The Houzz App on my Android tablet for eye candy while messy remodeling was actually happening. Plus it’s the best content remix site I’ve seen in a while, more targeted than Pinterest.

Photo kids

Probably the best photo of my kids this year, I make it a favorite because at their ages it’s difficult to get one of the both of them.

OpenStack Docs Boot Camp

OpenStack Security Guide book sprint, read it at


OpenStack Operations Guide book sprint, now an O’Reilly edition, read it at

How about you? What are some of your favorite things from this past year?

content strategy techpubs tools writing

Documentation as Conversation with CSS

Three types of speech balloons: speech, thought, scream.

I love to explore new ways of conveying technical information, and I’m interested in documentation as conversation. Last year I wanted to convey a “side note” on each page of a Sphinx site, as if the page were talking to you. I needed to let people know that there are additional documentation pages available. So, I went looking for a CSS design that would let me put the note into a particular tag and style as I like. I found it at Pure CSS speech bubbles. The humorous part was figuring out what speech bubbles are also called so I could do a Google search. Speech balloons? Dialog balloons? Word balloons? I never did come up with balloon but somehow found bubble.

For Sphinx sites, which are built from RST (ReStructuredText), you use a layout.html file in a _theme folder with your .rst source files. This templating is explained in more detail on the Sphinx documentation site at In this case, the p tag is styled with css classes. Here’s what the HTML looks like:

<p class="triangle-border right">
Psst... hey. You're reading the latest content, 
but it's for the Block Storage project only. 
You can read <a href="">
all OpenStack docs</a> too.</p>

The CSS is much more involved, giving borders and rounded edges and putting that little triangle to indicate the speech. You can see it embedded in the Sphinx framework at tweaks.css. You can select a border color to match the rest of your page. Here’s the resulting HTML output. Speech bubble example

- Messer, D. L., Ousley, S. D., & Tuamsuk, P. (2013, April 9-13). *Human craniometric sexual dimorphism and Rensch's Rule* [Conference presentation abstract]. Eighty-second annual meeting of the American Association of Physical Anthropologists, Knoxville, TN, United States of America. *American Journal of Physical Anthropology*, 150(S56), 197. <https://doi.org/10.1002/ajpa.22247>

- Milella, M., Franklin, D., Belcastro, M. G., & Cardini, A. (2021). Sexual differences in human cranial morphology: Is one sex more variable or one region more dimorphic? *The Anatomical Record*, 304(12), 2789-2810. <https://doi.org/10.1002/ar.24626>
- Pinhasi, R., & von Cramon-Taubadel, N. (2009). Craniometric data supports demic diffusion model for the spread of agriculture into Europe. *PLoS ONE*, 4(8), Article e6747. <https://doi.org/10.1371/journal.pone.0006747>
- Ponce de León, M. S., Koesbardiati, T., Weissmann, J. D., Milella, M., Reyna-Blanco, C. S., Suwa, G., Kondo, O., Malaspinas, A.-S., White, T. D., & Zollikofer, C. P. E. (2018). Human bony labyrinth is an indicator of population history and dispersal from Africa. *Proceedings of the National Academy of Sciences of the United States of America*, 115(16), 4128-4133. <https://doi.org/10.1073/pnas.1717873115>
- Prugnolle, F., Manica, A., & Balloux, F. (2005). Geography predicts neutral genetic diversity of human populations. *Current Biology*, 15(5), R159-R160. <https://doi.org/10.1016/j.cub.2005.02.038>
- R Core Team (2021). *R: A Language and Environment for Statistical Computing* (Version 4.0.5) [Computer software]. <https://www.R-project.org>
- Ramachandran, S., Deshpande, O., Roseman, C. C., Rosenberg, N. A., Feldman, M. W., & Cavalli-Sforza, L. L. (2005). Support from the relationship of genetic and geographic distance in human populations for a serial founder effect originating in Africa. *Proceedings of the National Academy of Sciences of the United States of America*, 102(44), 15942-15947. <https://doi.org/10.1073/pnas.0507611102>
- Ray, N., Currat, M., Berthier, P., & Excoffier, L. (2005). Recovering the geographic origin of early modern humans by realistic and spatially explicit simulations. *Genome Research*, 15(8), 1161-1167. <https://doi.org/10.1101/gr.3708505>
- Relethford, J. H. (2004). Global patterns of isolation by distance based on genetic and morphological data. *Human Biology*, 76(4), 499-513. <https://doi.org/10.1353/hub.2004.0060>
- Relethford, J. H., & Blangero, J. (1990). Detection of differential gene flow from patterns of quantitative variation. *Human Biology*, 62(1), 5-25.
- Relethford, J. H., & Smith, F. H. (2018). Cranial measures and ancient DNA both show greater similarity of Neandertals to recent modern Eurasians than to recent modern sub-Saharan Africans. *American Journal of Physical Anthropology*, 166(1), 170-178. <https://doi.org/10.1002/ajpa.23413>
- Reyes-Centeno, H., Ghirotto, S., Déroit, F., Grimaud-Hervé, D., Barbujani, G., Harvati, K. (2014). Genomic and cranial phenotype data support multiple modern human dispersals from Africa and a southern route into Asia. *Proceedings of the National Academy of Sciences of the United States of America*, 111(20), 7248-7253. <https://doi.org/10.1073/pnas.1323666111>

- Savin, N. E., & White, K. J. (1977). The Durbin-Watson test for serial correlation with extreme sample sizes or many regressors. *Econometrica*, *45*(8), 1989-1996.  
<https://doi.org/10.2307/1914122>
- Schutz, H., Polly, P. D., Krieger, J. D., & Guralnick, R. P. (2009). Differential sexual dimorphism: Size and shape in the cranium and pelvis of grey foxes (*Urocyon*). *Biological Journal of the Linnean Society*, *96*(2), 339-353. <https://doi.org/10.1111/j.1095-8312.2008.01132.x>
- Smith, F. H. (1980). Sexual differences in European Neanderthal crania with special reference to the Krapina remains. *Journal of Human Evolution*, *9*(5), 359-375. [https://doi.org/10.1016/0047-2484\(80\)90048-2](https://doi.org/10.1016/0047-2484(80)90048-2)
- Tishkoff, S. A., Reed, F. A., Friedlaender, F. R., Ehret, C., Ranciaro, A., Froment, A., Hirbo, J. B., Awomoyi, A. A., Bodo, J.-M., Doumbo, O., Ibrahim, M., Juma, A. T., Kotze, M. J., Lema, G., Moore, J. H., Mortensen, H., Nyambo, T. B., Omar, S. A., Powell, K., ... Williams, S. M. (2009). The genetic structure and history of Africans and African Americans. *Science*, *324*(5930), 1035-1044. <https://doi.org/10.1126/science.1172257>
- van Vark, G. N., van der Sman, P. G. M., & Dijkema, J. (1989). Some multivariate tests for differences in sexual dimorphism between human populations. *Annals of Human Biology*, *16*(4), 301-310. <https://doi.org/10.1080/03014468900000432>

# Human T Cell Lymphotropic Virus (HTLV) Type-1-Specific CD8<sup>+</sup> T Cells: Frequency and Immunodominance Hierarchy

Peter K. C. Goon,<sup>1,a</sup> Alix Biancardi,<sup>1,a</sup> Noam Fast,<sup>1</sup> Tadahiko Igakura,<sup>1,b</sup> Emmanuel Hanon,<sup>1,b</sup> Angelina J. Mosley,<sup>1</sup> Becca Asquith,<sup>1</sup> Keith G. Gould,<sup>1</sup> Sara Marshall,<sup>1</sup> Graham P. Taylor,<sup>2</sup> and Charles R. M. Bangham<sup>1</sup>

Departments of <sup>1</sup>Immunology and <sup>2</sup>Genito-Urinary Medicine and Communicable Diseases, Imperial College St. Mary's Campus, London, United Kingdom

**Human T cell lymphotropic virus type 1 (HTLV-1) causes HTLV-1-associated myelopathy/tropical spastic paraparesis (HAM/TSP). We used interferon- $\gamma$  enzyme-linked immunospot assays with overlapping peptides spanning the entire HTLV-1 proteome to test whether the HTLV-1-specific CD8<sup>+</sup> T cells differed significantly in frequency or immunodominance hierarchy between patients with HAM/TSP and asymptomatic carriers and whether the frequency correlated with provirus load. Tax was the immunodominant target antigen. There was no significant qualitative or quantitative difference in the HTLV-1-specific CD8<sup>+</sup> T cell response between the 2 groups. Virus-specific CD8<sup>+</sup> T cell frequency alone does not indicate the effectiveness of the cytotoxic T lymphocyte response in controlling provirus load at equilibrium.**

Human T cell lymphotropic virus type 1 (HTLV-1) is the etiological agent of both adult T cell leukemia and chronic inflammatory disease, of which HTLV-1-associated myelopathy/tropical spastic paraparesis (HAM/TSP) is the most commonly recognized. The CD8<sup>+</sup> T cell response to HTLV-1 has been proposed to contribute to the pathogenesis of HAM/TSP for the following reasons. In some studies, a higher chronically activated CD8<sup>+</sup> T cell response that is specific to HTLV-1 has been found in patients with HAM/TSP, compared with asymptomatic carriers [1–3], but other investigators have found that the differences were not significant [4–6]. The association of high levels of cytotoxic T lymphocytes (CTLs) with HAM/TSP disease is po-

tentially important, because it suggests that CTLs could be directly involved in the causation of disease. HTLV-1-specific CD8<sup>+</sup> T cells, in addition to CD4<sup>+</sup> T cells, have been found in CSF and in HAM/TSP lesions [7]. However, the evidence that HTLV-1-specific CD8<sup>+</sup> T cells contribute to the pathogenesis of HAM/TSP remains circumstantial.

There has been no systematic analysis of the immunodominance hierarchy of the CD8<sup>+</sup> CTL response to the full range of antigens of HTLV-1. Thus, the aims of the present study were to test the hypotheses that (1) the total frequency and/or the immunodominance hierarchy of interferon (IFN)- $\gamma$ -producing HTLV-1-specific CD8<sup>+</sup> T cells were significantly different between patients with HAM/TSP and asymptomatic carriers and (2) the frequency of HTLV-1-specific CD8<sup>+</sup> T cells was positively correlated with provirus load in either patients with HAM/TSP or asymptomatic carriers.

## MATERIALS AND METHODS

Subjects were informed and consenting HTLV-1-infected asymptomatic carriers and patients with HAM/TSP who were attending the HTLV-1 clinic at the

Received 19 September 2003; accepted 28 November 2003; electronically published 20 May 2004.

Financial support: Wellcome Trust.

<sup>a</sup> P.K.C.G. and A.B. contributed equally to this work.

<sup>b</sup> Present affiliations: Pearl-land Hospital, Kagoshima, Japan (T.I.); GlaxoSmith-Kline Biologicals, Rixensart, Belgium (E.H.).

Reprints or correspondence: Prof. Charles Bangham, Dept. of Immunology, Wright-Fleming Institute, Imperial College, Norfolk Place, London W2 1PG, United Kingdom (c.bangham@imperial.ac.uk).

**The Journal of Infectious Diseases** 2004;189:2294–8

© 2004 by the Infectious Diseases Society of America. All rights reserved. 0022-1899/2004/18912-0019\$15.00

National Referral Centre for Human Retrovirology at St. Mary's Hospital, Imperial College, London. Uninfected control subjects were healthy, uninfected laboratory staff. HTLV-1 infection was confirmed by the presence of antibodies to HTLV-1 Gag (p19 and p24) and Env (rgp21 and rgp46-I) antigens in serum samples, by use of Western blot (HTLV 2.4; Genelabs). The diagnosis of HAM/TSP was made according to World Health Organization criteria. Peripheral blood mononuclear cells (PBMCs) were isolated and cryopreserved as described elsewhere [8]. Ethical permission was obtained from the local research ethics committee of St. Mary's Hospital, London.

You may have seen the trend towards comic books or comics to explain technical topics, such as the one for Google Chrome at There are drawn comic characters explaining the browser design considerations throughout, with speech bubbles, hand waving, folded arms, lots of body language expressed throughout. This simple side bar doesn’t attempt that level of engaging content, but it’s a playful way to let people know there’s more than a single page for OpenStack docs. What do you think about such techniques, are they playful and harmless or sloppy and annoying?

content strategy techpubs work writing

Tools and skills in the red

If this isn’t a snapshot of our industry, I don’t know what is.

A couple of observations:

  • “Documentations” [sic] to me indicates an English-second-language speaker. Members listing that term as a skill is 245K, larger than the 107K “Technical Documentation”.
  • Looks like it’s an easy popularity contest winner for “Technical Documentation” over “Technical Communication” with nearly 5 times as many LinkedIn members citing “Technical Documentation” as a Skill.
  • Content strategy as a Skill listing is growing 16% year over year.

Fascinating snapshot. What do you think of this data capture at this point in time?